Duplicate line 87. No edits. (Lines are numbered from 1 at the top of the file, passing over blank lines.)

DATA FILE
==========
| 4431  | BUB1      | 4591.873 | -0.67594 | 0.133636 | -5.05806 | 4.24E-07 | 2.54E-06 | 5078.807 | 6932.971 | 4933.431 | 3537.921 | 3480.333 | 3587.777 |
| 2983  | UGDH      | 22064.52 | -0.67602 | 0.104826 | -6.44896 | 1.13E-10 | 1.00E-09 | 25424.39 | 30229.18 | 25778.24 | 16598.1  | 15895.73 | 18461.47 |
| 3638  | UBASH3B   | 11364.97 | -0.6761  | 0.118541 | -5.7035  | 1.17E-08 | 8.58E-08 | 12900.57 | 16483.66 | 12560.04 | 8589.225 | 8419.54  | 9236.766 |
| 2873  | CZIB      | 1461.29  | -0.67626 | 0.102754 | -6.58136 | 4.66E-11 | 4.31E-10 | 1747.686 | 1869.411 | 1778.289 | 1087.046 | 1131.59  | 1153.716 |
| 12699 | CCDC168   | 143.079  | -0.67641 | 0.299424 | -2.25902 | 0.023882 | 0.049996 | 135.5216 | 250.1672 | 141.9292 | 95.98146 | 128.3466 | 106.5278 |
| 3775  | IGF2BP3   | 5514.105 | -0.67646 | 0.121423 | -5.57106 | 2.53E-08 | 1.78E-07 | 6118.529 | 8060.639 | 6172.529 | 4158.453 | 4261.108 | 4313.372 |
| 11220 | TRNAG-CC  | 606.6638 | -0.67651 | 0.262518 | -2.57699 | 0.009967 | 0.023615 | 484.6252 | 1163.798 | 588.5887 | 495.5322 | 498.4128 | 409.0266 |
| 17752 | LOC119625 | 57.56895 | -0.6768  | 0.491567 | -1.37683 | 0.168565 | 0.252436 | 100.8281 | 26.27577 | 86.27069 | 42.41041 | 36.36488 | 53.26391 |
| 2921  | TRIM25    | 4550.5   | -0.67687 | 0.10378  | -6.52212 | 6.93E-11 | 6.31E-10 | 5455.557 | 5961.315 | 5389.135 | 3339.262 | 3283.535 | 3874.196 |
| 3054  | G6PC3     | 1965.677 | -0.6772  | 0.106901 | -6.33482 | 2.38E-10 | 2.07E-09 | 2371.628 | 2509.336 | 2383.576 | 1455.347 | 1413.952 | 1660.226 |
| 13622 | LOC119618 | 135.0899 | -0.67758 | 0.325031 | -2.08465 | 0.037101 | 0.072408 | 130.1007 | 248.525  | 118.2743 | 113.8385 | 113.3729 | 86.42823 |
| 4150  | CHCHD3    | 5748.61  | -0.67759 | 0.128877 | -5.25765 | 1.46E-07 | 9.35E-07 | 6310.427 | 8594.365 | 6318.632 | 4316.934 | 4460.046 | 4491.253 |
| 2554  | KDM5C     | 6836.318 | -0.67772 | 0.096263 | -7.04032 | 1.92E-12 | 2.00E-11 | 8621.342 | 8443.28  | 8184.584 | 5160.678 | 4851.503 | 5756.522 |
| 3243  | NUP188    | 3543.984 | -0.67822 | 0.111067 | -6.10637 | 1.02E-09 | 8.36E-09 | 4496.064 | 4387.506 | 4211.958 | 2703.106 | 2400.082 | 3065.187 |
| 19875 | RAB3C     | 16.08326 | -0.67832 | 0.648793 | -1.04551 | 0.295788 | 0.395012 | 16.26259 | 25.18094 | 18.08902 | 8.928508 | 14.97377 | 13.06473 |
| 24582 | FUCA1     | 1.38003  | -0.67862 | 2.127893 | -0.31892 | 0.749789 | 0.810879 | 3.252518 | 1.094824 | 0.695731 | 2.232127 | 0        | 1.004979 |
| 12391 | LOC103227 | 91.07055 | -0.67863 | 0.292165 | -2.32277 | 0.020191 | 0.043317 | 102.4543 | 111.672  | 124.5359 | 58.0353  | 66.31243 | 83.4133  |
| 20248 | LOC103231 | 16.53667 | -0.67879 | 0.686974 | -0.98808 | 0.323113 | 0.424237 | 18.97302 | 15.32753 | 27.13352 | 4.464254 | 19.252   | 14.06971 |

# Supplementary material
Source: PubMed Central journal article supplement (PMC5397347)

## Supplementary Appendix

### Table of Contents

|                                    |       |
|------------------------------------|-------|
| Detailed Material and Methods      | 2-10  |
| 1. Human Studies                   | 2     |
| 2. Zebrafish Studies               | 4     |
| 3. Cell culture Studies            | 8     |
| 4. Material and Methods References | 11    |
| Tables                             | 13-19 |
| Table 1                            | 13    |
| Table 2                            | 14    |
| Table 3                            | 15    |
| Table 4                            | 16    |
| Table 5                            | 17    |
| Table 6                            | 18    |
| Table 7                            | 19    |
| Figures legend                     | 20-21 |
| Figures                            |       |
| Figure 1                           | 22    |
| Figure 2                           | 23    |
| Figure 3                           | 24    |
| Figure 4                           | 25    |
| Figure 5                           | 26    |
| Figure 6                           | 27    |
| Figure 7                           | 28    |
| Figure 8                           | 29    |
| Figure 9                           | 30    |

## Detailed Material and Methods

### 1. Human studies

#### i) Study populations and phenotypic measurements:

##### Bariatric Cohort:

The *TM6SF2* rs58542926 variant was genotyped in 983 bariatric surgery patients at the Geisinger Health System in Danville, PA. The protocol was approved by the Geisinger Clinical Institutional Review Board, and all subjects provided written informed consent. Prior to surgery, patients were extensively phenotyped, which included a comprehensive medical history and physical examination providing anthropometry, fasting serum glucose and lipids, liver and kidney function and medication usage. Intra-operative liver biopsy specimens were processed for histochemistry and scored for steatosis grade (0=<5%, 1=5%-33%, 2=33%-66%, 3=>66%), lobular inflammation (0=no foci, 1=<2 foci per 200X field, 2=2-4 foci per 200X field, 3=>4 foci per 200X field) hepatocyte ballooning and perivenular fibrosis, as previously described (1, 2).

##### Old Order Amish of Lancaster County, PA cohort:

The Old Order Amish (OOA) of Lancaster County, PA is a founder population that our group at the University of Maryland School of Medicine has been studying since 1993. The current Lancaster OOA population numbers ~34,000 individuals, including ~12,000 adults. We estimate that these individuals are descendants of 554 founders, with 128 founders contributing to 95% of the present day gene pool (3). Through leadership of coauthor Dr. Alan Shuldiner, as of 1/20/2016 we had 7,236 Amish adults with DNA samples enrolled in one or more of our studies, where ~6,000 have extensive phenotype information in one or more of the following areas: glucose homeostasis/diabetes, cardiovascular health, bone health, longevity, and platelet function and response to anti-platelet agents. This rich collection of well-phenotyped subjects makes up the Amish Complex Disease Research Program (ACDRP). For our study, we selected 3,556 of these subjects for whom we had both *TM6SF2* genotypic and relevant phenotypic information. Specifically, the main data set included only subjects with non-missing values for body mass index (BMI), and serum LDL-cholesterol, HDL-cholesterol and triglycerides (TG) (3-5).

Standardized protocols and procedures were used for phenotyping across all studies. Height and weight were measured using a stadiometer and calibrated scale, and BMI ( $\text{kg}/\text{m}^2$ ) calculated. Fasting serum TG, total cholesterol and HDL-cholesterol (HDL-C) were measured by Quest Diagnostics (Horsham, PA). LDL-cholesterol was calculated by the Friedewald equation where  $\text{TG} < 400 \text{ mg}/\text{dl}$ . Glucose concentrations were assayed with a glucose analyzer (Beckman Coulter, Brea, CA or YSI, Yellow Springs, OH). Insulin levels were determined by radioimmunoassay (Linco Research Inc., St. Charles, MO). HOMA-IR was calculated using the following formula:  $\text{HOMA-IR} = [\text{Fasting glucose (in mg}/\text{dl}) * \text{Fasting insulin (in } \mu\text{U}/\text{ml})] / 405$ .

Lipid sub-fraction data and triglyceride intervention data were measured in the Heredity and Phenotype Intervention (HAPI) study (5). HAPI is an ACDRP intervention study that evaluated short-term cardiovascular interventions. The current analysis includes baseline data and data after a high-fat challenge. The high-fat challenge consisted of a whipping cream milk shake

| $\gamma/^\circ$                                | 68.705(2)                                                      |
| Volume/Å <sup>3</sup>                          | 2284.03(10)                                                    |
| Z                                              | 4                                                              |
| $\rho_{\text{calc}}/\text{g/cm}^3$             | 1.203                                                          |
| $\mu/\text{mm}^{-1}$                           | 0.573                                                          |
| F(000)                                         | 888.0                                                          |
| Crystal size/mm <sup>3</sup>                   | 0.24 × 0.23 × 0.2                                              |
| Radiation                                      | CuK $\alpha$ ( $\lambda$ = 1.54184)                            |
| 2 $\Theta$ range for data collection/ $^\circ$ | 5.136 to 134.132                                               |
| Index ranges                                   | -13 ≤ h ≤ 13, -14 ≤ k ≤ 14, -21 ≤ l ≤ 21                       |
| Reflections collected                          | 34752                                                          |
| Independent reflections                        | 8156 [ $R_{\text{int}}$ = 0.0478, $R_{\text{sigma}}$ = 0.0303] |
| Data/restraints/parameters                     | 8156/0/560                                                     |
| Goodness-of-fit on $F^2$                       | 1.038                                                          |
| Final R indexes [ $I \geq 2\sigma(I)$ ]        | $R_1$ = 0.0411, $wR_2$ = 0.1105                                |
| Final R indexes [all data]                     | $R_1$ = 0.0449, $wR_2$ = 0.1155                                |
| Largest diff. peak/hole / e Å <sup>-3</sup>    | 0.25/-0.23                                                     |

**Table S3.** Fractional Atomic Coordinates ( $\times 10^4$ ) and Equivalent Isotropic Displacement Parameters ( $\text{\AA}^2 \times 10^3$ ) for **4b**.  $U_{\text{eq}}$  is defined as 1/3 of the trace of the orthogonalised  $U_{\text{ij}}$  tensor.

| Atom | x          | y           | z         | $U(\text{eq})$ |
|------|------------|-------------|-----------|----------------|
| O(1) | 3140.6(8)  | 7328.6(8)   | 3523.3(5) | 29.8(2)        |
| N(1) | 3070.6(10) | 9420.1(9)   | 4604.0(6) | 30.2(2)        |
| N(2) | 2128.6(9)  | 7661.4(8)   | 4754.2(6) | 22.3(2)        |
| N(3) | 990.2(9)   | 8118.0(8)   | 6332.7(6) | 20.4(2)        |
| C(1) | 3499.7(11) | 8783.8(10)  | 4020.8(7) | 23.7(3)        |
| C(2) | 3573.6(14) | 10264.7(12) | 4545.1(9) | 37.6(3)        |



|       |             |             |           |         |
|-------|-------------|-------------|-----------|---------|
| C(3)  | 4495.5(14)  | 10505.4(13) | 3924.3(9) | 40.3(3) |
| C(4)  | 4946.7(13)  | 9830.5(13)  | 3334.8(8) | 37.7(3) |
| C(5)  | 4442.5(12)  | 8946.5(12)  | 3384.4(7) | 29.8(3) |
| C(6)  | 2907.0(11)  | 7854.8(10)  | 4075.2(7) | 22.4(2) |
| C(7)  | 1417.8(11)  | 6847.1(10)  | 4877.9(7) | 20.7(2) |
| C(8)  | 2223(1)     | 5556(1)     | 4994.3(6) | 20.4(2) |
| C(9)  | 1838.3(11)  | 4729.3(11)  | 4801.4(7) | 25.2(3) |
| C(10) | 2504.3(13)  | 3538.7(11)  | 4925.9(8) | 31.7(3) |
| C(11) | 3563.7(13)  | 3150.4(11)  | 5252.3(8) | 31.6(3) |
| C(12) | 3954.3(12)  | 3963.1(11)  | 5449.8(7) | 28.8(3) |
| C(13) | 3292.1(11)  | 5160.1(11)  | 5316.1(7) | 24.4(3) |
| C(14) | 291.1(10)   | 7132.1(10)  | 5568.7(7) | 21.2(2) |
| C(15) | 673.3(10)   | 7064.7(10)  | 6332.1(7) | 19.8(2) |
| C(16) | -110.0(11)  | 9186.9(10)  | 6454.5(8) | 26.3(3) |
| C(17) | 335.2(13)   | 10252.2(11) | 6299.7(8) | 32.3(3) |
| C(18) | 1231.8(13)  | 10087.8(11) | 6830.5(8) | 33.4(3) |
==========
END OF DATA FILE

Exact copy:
| C(4)  | 4946.7(13)  | 9830.5(13)  | 3334.8(8) | 37.7(3) |